While muffin sales have grown only a modest 8.7 percent since last year, bakers are attracting consumers with countless new varieties that cater to a wide spectrum of needs and wants. Muffins do appear prominently on supermarket shelves with new trends within the category. Consumers can find products that fit their preferences, from gluten-free to vegan to whole grain options.
Muffins and other sweetgoods are still recovering following the low-carb craze, while bakers market them to appeal to calorie-conscious consumers, says J. Bohn Popp, vice president of marketing, Aunt Millie’s Bakeries, Fort Wayne, Ind. “You see a lot of 100 calorie [products],” he says. “The thing I’ve seen the most in the marketplace is a limit on calories. That is what has seemed to work for a lot of companies in the sweetgoods business.”
Jumbo muffins are out. Smaller, individual-size muffins are in demand with health-conscious consumers looking for portion-controlled options and busy consumers looking for on-the-go snack or breakfast choices.
“Health conscious consumers often choose traditional flavors, such as blueberry, banana and cranberry apple with a whole grain base, that are lower in calories and fat,” says Jerry Ceccio, vice president, sales and marketing, Uncle Wally’s, Shirley, N.Y.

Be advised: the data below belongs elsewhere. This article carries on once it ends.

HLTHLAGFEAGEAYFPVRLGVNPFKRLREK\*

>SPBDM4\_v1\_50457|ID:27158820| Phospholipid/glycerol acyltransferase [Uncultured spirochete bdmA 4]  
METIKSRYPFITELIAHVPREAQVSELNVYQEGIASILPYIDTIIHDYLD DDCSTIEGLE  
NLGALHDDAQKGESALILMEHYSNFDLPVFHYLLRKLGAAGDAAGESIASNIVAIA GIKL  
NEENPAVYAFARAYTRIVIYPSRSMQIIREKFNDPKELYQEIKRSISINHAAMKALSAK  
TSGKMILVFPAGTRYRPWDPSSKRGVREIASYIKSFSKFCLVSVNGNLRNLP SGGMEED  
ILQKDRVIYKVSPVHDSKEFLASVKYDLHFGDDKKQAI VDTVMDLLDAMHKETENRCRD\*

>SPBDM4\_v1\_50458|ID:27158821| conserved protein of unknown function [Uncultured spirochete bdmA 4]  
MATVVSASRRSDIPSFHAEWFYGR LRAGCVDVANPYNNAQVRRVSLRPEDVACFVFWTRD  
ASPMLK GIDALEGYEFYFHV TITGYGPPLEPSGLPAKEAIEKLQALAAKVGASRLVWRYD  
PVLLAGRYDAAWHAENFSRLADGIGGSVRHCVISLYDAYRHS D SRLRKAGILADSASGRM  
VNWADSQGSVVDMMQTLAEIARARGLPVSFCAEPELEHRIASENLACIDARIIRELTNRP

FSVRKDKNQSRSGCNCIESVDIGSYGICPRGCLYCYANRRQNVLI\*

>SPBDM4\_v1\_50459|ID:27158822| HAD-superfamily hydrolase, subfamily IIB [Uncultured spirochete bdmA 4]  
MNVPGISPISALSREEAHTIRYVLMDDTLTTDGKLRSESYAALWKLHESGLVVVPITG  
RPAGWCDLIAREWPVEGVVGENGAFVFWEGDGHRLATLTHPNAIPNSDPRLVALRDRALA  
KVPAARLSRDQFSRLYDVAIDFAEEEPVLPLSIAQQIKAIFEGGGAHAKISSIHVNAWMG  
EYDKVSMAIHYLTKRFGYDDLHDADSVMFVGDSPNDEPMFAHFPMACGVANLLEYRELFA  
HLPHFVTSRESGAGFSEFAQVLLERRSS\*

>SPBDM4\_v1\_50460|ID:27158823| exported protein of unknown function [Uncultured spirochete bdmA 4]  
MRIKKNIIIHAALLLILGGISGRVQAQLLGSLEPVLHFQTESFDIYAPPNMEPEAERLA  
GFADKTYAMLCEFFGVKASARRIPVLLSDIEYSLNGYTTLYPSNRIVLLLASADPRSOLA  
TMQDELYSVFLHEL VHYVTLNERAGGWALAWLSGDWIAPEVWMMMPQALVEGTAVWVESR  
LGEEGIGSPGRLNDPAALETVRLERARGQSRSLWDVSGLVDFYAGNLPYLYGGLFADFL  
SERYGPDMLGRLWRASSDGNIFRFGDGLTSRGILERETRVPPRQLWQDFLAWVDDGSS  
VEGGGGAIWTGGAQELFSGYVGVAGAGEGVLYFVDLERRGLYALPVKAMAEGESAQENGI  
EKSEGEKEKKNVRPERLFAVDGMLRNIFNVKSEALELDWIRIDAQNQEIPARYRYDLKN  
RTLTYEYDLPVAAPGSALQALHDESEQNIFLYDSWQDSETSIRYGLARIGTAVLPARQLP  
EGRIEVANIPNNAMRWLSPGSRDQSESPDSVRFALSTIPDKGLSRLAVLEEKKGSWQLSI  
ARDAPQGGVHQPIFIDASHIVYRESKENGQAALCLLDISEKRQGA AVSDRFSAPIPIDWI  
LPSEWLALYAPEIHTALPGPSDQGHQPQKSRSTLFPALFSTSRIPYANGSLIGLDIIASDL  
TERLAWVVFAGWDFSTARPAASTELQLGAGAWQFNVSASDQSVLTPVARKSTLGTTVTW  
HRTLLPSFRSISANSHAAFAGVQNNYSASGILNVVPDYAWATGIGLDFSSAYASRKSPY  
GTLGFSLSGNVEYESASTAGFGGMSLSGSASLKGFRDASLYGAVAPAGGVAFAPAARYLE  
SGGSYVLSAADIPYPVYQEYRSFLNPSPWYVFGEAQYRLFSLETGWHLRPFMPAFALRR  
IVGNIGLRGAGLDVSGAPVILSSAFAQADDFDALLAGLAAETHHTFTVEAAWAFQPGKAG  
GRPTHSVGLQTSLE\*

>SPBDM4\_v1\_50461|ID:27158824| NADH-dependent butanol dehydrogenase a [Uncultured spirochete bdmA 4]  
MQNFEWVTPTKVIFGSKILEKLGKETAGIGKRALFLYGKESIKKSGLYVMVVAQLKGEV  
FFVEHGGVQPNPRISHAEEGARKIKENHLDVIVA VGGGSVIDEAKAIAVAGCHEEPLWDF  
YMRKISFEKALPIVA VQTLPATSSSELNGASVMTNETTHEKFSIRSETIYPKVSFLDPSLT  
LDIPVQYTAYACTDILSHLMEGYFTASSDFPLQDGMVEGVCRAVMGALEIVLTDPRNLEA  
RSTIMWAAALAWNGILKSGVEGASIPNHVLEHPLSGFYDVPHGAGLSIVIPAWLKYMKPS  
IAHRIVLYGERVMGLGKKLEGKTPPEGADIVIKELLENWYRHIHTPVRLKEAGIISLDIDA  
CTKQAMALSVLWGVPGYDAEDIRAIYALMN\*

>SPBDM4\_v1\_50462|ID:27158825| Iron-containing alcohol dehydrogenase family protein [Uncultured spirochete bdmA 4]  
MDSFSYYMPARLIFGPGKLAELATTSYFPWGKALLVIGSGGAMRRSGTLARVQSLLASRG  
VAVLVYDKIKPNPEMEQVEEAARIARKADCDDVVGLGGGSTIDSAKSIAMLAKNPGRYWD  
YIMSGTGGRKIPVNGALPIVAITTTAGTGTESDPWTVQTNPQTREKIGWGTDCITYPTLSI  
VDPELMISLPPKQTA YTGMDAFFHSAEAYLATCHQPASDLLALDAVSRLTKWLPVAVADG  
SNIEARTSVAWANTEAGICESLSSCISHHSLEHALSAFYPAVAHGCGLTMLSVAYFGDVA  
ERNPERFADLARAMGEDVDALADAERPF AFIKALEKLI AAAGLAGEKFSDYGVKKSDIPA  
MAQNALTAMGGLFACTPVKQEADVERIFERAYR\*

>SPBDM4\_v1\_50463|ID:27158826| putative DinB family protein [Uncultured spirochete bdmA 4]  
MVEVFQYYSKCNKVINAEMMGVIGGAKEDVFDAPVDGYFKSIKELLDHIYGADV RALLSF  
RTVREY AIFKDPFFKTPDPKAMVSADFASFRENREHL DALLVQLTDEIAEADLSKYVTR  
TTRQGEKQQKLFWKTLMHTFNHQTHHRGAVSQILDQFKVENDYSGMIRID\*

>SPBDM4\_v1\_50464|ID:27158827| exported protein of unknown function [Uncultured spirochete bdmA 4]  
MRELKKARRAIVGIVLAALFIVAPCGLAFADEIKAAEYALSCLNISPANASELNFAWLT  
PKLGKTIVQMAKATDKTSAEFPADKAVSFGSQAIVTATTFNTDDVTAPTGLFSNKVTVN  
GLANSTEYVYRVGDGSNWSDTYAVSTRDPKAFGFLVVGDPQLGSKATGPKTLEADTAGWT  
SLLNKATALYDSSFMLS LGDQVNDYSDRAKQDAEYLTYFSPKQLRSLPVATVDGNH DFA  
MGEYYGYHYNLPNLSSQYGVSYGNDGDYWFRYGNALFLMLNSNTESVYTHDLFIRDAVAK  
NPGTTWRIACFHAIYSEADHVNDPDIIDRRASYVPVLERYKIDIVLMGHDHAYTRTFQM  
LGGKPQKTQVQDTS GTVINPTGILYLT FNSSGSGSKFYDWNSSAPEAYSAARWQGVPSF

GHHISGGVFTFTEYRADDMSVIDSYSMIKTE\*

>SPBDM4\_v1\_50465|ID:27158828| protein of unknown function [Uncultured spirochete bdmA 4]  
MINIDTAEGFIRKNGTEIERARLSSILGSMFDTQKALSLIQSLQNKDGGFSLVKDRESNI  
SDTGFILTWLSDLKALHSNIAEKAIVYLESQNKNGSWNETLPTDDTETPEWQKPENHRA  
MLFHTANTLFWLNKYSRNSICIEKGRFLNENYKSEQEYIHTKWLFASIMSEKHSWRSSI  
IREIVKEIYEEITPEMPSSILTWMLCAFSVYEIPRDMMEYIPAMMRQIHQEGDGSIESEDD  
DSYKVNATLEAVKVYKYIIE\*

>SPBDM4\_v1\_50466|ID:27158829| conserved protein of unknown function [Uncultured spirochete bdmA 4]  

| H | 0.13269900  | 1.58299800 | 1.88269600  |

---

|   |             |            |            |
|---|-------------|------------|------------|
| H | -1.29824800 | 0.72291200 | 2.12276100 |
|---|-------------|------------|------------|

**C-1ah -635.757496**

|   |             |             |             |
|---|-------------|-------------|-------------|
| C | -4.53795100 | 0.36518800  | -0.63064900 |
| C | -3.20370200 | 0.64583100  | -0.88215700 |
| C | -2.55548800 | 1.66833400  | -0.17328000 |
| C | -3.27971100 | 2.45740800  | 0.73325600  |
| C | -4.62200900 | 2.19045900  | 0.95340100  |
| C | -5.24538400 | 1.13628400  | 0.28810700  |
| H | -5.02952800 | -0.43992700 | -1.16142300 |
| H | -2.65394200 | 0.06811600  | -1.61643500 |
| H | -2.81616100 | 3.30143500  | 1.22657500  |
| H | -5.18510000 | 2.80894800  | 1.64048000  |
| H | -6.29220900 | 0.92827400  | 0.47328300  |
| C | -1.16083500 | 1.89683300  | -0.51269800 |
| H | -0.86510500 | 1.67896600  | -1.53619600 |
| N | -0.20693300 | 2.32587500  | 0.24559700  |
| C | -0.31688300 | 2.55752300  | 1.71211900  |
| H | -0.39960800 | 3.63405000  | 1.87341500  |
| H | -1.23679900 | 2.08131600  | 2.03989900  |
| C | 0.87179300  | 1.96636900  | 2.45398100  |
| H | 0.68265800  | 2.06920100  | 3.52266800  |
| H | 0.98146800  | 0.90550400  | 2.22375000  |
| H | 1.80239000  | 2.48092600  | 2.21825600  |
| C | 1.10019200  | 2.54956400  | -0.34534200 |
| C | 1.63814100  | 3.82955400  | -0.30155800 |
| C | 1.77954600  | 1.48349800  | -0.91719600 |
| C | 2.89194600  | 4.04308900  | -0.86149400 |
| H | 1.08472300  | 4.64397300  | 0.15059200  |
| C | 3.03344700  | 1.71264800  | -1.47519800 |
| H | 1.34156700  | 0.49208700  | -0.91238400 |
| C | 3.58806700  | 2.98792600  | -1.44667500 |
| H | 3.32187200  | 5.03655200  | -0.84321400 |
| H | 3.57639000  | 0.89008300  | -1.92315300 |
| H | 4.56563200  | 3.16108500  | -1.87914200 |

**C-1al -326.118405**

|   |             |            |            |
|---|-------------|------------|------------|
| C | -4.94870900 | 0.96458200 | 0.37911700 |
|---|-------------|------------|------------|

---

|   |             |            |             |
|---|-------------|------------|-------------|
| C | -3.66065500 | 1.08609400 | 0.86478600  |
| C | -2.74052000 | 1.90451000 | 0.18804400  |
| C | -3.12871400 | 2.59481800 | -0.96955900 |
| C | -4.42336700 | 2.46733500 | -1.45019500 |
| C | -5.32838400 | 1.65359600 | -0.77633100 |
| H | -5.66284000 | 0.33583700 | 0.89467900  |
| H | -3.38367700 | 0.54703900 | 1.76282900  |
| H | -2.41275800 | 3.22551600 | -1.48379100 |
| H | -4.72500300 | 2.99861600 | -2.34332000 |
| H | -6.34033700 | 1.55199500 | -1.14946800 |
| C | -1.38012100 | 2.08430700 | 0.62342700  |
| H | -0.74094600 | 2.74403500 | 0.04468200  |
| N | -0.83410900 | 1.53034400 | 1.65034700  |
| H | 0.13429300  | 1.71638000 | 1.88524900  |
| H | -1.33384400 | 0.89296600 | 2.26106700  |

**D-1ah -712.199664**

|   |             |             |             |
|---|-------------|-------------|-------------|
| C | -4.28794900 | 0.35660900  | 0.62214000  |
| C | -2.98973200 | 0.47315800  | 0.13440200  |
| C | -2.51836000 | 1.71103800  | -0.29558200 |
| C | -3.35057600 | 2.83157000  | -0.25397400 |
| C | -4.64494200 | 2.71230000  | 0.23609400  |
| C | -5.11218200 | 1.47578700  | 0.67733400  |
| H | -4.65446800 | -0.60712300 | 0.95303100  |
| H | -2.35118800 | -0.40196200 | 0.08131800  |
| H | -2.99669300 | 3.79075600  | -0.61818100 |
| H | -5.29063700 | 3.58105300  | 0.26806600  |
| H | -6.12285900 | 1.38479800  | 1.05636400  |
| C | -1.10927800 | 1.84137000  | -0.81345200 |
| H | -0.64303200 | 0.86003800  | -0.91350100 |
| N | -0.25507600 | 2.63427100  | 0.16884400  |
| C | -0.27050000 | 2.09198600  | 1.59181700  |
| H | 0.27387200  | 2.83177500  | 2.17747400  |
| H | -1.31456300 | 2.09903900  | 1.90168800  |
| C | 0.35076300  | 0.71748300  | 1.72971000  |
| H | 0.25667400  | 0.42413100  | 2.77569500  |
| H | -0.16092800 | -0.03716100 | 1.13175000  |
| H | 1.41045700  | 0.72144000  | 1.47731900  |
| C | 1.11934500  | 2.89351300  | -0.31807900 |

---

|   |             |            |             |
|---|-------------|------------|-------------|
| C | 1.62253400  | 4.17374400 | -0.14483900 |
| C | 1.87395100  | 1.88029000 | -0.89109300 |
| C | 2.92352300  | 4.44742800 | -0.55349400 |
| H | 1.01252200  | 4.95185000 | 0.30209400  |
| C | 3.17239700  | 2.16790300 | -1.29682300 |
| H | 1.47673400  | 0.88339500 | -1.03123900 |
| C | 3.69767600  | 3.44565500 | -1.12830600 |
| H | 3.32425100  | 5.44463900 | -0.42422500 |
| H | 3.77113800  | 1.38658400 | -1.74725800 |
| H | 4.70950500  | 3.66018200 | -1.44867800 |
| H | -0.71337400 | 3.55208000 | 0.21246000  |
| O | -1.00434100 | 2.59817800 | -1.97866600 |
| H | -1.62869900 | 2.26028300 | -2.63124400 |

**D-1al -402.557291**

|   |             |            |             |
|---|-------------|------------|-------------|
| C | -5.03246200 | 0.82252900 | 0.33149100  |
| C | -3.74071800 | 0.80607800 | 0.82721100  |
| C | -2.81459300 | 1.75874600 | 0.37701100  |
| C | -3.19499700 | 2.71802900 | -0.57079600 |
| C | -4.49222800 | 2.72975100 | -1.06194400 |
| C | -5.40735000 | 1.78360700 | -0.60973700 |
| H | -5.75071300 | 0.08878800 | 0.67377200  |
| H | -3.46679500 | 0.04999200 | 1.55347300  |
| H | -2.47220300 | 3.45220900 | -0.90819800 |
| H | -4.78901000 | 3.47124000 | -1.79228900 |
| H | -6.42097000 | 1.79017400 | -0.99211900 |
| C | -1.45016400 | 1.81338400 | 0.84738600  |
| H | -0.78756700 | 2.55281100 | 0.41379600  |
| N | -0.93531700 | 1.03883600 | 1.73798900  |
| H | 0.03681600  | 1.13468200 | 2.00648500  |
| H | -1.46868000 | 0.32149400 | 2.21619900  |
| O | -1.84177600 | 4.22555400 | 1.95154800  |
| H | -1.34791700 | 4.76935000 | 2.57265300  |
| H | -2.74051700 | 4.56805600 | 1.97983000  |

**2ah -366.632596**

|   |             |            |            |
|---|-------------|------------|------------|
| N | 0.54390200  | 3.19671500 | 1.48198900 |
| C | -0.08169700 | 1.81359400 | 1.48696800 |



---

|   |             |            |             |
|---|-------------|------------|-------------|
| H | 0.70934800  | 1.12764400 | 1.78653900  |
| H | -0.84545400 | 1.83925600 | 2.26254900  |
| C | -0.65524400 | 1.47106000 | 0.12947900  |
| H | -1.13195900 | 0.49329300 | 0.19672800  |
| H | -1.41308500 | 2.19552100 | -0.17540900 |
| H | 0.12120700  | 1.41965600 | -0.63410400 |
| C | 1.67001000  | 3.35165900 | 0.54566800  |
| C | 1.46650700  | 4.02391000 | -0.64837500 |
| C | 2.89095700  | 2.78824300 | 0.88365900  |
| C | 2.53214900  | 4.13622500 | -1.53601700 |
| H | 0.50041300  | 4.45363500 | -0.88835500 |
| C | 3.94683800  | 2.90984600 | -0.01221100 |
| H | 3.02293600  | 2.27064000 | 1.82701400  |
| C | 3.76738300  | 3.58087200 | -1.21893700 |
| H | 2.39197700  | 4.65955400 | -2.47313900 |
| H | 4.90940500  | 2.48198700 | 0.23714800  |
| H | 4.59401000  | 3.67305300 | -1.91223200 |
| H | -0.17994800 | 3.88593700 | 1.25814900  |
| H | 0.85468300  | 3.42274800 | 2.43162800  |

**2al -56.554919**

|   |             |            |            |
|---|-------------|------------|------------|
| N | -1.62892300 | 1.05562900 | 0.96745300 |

Uncle Wally’s offers Smart Portions, which are whole grain, low in calories and fat, a good source of fiber and target consumers interested in a healthful, portion-controlled product.
Consumers also look to muffins to satisfy their sweet tooth. “For consumers looking for an indulgent muffin, our traditional blueberry still holds its number one position,” Ceccio says. In addition, the company is generating great interest with unique toppings and flavors developed around ice cream, coffee and cheesecake flavor profiles. Seasonal flavors, such as pumpkin in fall and strawberry shortcake in summer, drive indulgent muffin sales, he adds.
Because many consumers consider muffins an indulgent treat, they might limit how frequently they consume them, which means producing high quality muffins is crucial to success, Popp says.
Still, consumers tend to view muffins as less indulgent than other baked products, such as donuts and fruit pies, he adds. “I think people do feel that muffins have a little more nutrition. There are raisin bran muffins and whole grain muffins. People see that for breakfast, and I think they have a [more healthful] connotation than other snack cakes.”
Lisa Coates, co-founder, Monkey Muffins Inc., Nyack, N.Y., has noticed a trend toward muffins with increased fiber, as well as more gluten-free muffins. Monkey Muffins recently launched a new apple-cinnamon flavor that is eggfree and dairy-free. Monkey Muffins are marketed toward children, many of whom have food allergies, Coates explains. “I think future flavors will include higher amounts of soluble fiber and lower fat content, but without compromising taste.”
Popp agrees muffin companies will continue to focus on making high quality muffins. In addition, bakers will continue to limit calories and market muffins in portion-controlled packages.